In early 1988 the nurses of Britain's National Health Service reached a peak of frustration. They took unprecedented industrial action to bring the state of nursing, and problems within the Health Service, to the attention of the nation. Throughout the crisis there was acrimonious debate between the Royal College of Nursing, which acts as both a professional association and a negotiating unit and opposed the strike, and the trade unions, which organized it. Their conflict undermined the nurses' solidarity and highlighted deep and complex tensions within the profession. On the day of action, labor withdrawal was widespread but inconsistent. In the end, the nurses made some gains, but most of their concerns were ignored. The government promoted the divisions between nursing unions; the media were critical of the nurses' actions; however, the labor movement supported them, and the British Medical Journal voiced the merits of the nurses' case. The struggle of the British nurses exemplifies issues and dilemmas facing nurses throughout the world. The increasing militancy of nurses in many countries reflects their dissatisfaction with pay, working conditions, and career opportunities. Many nurses are torn between the ideals of professionalism and the realities of their workplace and are ambivalent about the principles of collective bargaining. This article addresses these ambivalences and stresses the need to find creative solutions to match nurses' unique place in the political economy of health care.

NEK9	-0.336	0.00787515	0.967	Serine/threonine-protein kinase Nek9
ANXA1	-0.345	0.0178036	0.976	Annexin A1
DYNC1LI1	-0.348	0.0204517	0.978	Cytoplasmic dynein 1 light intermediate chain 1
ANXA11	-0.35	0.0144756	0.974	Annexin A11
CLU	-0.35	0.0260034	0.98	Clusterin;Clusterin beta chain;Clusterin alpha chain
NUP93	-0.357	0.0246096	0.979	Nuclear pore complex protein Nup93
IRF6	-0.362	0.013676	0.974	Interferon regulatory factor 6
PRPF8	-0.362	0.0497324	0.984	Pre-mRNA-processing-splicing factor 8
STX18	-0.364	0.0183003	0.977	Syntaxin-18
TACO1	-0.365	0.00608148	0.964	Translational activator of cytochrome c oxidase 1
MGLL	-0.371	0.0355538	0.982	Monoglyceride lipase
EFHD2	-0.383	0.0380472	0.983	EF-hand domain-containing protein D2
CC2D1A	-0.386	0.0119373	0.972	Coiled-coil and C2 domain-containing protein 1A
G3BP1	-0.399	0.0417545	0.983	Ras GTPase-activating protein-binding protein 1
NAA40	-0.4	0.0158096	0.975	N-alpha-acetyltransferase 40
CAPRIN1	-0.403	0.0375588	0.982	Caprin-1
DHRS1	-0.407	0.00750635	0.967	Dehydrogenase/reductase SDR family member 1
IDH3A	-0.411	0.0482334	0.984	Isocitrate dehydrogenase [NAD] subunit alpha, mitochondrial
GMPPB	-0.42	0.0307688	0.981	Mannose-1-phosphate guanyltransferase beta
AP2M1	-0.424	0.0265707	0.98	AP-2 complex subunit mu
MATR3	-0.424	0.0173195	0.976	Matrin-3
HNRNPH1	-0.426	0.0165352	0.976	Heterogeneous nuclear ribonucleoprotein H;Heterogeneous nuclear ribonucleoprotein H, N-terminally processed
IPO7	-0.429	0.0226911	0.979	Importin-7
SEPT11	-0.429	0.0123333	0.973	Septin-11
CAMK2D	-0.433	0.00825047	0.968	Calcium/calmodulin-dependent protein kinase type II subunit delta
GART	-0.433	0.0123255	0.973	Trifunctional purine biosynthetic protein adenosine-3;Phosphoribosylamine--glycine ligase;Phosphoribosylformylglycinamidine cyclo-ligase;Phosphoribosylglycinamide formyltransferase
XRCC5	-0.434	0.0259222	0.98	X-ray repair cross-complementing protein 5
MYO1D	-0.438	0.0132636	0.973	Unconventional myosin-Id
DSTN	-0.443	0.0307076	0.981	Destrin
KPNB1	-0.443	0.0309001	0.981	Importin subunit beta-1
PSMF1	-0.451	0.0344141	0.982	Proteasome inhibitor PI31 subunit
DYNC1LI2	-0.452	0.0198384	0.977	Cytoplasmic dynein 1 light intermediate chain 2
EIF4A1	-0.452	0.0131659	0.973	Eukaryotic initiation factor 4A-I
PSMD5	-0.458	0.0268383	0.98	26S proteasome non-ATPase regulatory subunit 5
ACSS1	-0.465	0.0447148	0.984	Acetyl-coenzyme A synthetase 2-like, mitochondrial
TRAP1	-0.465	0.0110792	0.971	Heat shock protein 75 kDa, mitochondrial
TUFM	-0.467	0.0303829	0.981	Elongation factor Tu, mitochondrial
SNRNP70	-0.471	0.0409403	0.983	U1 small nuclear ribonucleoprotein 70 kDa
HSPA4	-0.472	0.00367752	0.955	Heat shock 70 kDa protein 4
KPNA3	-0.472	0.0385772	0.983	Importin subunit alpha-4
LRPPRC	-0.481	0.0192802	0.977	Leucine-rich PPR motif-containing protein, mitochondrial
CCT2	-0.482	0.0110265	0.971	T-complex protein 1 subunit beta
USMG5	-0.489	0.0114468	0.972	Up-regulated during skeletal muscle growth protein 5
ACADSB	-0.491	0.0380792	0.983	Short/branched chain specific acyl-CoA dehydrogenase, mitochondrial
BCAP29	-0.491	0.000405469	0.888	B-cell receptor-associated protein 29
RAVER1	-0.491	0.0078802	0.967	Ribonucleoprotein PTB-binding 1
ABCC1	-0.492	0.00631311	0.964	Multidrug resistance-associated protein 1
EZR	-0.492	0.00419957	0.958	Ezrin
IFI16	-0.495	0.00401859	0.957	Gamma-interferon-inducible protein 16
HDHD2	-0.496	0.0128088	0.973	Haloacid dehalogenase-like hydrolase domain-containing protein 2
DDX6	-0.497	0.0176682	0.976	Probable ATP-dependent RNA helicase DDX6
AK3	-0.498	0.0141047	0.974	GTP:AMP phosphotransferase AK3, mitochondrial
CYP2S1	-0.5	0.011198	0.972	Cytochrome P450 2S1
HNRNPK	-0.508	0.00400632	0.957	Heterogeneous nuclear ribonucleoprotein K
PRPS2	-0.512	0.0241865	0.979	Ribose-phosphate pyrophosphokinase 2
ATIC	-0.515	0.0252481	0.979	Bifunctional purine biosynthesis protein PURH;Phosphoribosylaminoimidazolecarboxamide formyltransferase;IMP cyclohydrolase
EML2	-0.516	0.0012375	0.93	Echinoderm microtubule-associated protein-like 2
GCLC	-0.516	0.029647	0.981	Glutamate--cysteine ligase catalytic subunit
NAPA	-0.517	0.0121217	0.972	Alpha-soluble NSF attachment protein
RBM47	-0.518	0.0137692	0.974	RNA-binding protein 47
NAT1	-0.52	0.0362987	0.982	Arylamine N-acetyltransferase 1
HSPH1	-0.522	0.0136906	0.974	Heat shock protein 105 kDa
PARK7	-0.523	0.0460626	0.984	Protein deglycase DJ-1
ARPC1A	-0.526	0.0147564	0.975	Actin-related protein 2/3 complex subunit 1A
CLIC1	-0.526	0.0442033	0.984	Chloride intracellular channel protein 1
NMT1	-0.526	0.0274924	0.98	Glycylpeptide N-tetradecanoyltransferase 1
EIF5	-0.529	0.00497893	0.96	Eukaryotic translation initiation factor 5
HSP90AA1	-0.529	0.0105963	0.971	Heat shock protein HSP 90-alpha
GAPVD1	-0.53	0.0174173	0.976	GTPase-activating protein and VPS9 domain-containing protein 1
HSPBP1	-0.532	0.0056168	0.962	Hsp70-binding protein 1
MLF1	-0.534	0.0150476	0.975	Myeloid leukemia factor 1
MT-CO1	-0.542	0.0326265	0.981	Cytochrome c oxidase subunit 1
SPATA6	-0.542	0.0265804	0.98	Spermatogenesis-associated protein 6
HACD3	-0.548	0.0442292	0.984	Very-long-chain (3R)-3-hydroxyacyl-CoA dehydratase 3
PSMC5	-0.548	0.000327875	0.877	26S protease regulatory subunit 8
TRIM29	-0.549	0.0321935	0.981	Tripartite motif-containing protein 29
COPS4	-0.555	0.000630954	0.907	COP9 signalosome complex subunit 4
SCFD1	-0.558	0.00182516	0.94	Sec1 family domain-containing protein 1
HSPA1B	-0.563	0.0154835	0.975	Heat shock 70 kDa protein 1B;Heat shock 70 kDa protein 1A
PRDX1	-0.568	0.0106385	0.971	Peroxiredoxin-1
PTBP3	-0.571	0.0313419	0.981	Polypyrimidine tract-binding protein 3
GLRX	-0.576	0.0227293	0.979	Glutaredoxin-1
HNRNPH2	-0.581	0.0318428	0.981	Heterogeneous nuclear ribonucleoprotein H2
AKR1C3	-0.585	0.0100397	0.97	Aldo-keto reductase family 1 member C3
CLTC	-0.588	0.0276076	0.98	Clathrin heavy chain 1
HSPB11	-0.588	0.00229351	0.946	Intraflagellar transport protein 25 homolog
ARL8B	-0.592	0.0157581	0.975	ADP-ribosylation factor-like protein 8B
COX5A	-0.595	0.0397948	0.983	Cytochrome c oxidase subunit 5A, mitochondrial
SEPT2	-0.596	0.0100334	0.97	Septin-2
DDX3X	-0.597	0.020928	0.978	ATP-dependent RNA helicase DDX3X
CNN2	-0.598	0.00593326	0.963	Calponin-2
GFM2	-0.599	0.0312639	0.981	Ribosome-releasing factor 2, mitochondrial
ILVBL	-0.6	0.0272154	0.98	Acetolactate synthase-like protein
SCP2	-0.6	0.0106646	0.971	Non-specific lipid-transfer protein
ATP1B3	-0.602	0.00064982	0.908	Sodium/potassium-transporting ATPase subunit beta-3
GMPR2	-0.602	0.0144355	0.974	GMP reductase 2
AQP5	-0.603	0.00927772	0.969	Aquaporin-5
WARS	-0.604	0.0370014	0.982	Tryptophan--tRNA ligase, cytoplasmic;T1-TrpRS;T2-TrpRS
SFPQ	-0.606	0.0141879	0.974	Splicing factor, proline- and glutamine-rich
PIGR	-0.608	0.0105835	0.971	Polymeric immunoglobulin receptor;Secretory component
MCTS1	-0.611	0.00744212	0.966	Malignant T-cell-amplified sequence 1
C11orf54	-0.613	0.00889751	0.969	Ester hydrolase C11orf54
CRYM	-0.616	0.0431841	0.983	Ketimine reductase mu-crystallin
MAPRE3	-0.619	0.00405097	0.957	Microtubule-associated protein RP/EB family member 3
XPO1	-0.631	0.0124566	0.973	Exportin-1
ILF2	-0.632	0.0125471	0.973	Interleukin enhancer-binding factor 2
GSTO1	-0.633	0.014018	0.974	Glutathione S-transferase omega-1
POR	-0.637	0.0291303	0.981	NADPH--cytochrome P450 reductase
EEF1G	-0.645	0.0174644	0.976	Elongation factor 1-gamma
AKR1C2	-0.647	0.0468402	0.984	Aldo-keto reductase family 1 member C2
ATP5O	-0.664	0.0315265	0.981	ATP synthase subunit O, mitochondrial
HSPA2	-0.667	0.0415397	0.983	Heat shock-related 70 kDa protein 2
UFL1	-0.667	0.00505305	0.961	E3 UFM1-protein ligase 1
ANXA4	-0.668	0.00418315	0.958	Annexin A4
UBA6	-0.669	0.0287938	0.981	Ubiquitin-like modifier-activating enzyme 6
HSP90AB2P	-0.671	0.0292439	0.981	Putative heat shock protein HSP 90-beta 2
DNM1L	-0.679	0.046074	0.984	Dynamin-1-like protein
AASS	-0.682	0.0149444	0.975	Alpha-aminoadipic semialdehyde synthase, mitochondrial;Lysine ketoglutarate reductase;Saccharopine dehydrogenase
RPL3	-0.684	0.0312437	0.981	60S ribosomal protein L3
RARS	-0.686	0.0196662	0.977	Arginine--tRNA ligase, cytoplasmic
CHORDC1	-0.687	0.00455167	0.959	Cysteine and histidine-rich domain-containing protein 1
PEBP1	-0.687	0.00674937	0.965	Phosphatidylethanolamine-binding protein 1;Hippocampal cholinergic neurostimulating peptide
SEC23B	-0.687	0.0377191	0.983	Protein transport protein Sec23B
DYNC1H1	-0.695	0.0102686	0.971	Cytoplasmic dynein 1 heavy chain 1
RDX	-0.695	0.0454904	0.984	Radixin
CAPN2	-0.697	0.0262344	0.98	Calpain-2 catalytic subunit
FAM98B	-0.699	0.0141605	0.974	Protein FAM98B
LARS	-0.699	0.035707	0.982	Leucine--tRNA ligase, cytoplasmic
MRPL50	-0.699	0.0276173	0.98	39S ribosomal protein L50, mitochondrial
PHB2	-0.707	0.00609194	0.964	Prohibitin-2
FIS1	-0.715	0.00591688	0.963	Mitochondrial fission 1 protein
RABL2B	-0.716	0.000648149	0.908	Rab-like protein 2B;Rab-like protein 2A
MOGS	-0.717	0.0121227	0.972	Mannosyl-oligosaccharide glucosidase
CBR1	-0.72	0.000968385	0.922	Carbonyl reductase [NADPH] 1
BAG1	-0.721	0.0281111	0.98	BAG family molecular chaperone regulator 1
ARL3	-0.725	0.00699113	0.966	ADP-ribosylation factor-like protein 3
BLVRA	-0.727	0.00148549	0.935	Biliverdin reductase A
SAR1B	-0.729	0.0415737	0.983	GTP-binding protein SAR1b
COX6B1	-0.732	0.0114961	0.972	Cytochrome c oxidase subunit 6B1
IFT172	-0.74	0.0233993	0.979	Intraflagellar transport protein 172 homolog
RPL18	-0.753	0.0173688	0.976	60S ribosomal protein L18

ASJC Scopus subject areas
- Health Policy